Training needed to limit reliance on OCNs

7th June 2013

By: Gia Costella


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The South African construction industry needs to implement consolidated, industrywide training programmes across all skills levels to ensure a stronger resource core and less reliance on other country nationals (OCNs).

Engineering, procurement, construction, maintenance and project management company Fluor says that a consolidated and focused approach is the answer to successfully mitigating the many skills- related challenges faced by the country’s construction industry, while simultane- ously contributing to the successful execution of future projects across the various industries.

However, Fluor regional director for sub-Saharan Africa construction operations Clive Garner says, in the short to medium term, using OCNs will continue to form an integral part of the industry’s execution model.

“We do foresee an increased effort in the training and skills of our local artisans and other supporting-skills bases. Discussions within the industry have reached an advanced level in terms of establishing training trusts to support future workloads, increase local content and rely on fewer OCNs,” he states.

Garner says the shortage of experienced people is the result of many skilled individuals reaching retirement age and the industry not having a sufficient supply of skilled people to replace them. This, he says, is because there is limited industry training to facilitate the achievement of the required qualifications and competence in the potential labour pool.

“There is also a shortage of long-term sustainable work to ensure relevant con- tinued hands-on experience for personnel, which could be a result of the lack of coor- dination across the industry in terms of planned future capital expenditure,” says Garner.

Sufficient investment in construction projects by both the private and public sectors will provide a sustainable project pipeline that could allow better planning in terms of available resources and the execution of projects, he points out.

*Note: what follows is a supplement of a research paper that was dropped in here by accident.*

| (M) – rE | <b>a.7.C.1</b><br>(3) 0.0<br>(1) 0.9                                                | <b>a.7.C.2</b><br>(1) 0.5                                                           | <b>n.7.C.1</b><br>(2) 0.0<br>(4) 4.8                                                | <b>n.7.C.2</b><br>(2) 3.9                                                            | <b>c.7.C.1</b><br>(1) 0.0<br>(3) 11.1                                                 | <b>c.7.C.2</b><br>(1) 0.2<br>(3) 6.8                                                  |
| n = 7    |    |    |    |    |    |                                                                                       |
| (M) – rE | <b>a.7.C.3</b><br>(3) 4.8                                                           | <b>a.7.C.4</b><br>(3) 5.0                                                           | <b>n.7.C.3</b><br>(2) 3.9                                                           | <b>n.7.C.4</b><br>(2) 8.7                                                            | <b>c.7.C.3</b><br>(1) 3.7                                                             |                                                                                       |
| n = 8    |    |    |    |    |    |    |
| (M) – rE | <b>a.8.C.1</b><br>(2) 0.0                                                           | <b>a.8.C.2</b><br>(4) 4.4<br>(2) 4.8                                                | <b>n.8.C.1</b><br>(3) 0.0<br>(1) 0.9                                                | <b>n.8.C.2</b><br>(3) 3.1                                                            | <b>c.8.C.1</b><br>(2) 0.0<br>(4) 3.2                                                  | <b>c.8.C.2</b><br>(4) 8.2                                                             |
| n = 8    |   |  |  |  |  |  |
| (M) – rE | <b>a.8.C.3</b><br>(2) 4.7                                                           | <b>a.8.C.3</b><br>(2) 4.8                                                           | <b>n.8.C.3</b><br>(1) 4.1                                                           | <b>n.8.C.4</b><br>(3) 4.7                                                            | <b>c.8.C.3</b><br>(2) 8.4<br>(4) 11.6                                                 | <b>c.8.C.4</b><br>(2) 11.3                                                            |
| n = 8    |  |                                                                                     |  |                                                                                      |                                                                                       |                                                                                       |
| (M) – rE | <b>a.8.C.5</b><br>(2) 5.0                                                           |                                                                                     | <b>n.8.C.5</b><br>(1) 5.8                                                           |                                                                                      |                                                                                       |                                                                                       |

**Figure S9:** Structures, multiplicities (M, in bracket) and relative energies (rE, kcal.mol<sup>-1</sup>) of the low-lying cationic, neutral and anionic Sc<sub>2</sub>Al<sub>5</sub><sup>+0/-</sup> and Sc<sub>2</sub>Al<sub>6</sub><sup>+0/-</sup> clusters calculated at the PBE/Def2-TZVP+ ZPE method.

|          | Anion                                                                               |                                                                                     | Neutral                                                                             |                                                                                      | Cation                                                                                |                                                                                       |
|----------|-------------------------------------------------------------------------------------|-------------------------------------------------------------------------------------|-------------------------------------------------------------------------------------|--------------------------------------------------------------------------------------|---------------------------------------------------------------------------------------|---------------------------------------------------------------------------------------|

Garner explains that a sustainable base- load of work will assist the industry in contributing positively to job creation and ongoing training in South Africa.

“Improved synergy among all market segments, such as power, petrochemicals, infrastructure and mining, is also impor- tant.

“The creation of a central database that houses the relevant competences of all construction personnel, and more trans- parency among role-players in terms of planned projects, expansions and upgrades will also benefit the industry” he says

A concerted effort from businesses, government and the labour sector to work together to build a strong skills pool in South Africa is undeniably important for the construction industry, Garner adds, noting that various companies have taken the initiative to train personnel for projects. But, he says, this effort has proved to be deficient in providing the required critical mass of artisans and construction personnel in all the relevant categories.


“The gap between the skills we have and the skills required to support the industry is widening, which is why a joint and focused approach is important.”

Although grants from the Construction Education and Training Authority are available to fund training, Garner high- lights that in-field experience cycles for learners are limited, owing to industry volatility, which results in inconsistent volumes of sustainable work.

“The attraction and retention of personnel are further challenges, as people are looking for secure job opportunities. Further, the emergence of contractors in an already saturated market, in terms of service providers, is resulting in current resources being recycled rather than new skilled personnel being introduced,” he explains.

Garner says businesses, including plant owners, private businesses, parastatal organisations and service providers, need to work with government through sector education and training authorities, as well as further education and training institutions, to rebuild a competent skills pool.

“As an industry, we need to create a pipeline of sustainable long-term work to ensure relevant talent is retained. There also needs to be a countrywide campaign to promote artisanship as a viable career option and make it attractive to the youth.

“Entry levels for artisan candidates need to be re-evaluated to allow individuals who do not meet the current entry-level requirements to pursue a career as an artisan in construction should they meet pared-down but sufficient entrance criteria,” he says.

Garner suggests that a realistic and con- solidated project forecast needs to be established by various industry bodies and developed to provide a more complete picture of the available workforce and the future requirements of the industry.

In light of the various projects high- lighted or earmarked for South Africa, including infrastructure upgrades and new power-generation capacity, he is optimistic that construction has a strong outlook and will continue to form the backbone of economic growth in South Africa.

However, Garner notes that, as long as the skills base remains limited, projects will continue to be delayed and concerns about safety, quality, schedule and exceeding budgets will prevail.

Edited by Tracy Hancock
Creamer Media Contributing Editor



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